Thursday, March 27, 2014

Loss of Sale in Competitive Bid May Establish Lost Profits Causation Without Apportionment

The court denied defendant's motion for summary judgment that the entire market value rule did not apply and that plaintiff was required to apportion damages. "[T]rying to prove but-for lost profits in a case involving devices that may include dozens of distinct and possibly separately patented products can . . . be 'an exceedingly difficult' task, fraught with the risk of total failure. And a failure to apportion between asserted patents bears its own risks in those circumstances. Defendant . . . argues that . . . Plaintiff will fail. Plaintiff responds that the bid requirements of the major customers for whose business the parties compete, and Defendant’s marketing during that competition, show that the infringement was the but-for cause of the lost sales. . . . Defendant’s argument that Plaintiff inappropriately applies the entire market value is therefore not a search for a smaller physical unit or a request to exclude a follow-on sale, but a demand that Plaintiff show how much of its profit results from the patented features. Plaintiff has elected not to make that general showing, but instead seeks to convince the jury that in this particular commercial context, it would have made the sale but for the infringement. While the jury might not agree, Plaintiff has provided enough evidence in support of that theory to avoid summary judgment."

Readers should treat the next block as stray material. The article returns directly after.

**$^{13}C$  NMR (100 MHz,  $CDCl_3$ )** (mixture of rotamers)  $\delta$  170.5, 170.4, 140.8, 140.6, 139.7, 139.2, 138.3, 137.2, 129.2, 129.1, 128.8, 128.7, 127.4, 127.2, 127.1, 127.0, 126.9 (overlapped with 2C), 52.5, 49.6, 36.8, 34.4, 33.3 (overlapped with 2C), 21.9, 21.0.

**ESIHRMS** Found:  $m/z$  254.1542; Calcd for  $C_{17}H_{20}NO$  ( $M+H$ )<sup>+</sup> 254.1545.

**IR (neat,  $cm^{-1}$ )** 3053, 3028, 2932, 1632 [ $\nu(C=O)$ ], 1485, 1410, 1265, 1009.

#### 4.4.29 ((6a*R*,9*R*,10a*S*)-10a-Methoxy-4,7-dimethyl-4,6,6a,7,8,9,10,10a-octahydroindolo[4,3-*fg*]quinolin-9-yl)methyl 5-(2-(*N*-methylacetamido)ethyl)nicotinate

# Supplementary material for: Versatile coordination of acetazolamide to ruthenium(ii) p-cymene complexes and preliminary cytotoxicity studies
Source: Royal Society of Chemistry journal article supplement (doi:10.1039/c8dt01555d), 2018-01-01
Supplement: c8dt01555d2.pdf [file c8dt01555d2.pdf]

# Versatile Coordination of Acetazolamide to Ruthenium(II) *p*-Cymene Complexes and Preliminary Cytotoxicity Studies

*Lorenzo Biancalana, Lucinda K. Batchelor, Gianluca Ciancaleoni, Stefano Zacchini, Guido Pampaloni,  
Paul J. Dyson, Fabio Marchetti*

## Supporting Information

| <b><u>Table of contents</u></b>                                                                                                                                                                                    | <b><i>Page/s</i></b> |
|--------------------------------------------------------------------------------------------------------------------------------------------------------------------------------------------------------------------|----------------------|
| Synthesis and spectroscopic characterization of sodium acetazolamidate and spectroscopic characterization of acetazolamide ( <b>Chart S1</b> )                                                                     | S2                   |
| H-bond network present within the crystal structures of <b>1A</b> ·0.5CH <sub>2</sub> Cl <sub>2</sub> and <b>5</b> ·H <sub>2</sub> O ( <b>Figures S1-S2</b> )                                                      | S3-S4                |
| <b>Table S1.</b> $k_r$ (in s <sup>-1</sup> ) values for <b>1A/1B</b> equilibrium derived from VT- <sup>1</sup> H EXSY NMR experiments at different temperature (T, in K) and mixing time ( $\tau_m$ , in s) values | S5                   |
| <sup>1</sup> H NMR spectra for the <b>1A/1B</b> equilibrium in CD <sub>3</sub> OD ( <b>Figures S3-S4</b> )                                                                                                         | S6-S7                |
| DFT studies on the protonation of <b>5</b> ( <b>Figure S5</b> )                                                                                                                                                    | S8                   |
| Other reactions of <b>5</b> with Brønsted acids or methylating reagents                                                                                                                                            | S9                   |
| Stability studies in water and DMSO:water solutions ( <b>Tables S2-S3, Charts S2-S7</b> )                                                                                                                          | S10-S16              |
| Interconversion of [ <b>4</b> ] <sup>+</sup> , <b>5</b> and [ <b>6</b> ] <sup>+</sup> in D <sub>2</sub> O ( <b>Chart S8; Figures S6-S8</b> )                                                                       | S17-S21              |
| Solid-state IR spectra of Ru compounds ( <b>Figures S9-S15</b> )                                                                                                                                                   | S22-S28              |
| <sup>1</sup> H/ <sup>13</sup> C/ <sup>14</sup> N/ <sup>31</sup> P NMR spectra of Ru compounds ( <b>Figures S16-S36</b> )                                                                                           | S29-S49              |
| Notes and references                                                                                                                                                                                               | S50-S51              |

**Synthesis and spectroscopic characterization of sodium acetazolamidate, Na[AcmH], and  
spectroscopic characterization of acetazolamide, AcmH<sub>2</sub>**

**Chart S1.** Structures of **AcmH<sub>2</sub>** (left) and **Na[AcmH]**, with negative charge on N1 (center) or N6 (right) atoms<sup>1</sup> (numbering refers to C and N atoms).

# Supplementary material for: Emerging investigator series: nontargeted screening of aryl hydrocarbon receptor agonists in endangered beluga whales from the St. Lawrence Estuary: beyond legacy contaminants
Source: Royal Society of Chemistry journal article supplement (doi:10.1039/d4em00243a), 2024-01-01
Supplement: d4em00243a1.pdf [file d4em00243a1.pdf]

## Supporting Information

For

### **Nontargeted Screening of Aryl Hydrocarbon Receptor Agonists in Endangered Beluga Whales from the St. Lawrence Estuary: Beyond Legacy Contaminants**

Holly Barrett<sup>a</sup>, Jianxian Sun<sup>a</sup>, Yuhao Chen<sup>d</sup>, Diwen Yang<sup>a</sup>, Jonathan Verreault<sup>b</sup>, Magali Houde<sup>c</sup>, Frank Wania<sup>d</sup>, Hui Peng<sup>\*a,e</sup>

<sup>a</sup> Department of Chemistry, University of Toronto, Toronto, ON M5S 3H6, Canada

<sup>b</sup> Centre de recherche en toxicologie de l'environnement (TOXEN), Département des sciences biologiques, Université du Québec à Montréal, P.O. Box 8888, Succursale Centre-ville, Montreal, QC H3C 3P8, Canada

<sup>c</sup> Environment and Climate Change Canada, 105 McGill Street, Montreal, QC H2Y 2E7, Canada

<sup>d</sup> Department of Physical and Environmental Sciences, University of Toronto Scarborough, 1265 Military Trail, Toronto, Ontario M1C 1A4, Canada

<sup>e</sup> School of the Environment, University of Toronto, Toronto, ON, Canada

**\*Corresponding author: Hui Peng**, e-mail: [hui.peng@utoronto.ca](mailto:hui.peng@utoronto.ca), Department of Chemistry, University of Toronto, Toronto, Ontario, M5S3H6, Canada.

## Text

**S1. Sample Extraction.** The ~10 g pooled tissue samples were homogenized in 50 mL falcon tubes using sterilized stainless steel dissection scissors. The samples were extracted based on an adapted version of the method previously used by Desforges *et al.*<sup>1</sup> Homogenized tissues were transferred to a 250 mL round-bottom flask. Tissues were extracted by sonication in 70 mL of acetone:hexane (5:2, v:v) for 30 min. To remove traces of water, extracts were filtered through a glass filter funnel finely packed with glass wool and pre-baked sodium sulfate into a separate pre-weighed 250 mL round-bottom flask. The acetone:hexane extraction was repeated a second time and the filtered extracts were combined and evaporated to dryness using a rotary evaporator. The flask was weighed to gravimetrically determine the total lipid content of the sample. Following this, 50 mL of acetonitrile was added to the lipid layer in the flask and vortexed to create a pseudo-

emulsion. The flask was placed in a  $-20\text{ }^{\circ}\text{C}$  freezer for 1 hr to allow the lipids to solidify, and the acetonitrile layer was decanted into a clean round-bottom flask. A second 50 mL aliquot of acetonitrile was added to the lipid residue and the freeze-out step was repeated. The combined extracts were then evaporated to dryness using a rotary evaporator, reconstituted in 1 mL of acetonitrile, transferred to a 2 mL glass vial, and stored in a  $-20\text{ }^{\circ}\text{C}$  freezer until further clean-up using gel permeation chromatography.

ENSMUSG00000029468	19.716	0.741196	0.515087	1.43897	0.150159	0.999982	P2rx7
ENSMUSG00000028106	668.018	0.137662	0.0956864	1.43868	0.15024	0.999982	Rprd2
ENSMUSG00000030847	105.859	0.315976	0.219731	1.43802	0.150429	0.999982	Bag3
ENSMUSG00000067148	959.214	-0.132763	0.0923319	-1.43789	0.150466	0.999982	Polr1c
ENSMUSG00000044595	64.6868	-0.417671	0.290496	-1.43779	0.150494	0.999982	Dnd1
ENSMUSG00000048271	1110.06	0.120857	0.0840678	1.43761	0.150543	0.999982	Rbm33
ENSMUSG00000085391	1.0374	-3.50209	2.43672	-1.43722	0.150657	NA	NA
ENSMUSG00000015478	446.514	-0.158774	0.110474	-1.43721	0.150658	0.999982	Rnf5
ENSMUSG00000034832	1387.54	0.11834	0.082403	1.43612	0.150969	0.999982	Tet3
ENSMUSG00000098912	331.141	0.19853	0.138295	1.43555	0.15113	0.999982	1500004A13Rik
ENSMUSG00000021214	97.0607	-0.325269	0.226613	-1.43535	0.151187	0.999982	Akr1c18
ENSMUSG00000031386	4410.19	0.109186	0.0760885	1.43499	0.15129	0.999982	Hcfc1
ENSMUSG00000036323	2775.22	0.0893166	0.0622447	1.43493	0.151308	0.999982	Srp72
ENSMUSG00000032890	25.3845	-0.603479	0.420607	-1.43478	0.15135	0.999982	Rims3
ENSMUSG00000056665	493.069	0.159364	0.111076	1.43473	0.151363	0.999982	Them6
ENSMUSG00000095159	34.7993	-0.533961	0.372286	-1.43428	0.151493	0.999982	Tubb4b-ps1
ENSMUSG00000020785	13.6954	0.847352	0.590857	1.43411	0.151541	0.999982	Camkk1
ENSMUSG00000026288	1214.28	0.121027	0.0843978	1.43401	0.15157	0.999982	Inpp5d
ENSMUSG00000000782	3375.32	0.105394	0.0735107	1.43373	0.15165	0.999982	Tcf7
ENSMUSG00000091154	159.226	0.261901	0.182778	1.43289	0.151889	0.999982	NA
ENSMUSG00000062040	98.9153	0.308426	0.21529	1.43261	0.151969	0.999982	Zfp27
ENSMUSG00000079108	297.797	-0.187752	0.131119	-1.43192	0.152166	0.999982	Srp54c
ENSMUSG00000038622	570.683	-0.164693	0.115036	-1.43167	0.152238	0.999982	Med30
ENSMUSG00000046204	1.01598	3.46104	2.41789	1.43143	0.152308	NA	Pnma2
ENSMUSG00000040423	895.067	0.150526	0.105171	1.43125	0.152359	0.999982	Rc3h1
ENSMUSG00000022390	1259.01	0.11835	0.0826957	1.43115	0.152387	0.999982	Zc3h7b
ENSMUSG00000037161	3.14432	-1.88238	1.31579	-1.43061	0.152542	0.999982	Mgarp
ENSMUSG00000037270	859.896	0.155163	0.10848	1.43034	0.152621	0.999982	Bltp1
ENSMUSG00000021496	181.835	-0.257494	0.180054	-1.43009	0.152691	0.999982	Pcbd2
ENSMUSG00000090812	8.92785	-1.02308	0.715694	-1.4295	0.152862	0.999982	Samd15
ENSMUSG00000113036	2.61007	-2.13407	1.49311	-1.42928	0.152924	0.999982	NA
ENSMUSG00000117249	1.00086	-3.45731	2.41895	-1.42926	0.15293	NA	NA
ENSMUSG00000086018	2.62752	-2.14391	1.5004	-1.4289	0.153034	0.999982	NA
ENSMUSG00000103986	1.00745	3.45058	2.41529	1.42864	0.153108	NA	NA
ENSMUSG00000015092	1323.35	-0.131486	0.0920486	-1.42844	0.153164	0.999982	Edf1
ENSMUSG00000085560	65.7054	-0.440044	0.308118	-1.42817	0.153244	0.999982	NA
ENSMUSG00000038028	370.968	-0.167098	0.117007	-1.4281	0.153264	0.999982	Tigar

Universal Electronics Inc. v. Universal Remote Control Inc., 8-12-cv-00329 (CACD March 24, 2014, Order) (Guilford, J.)

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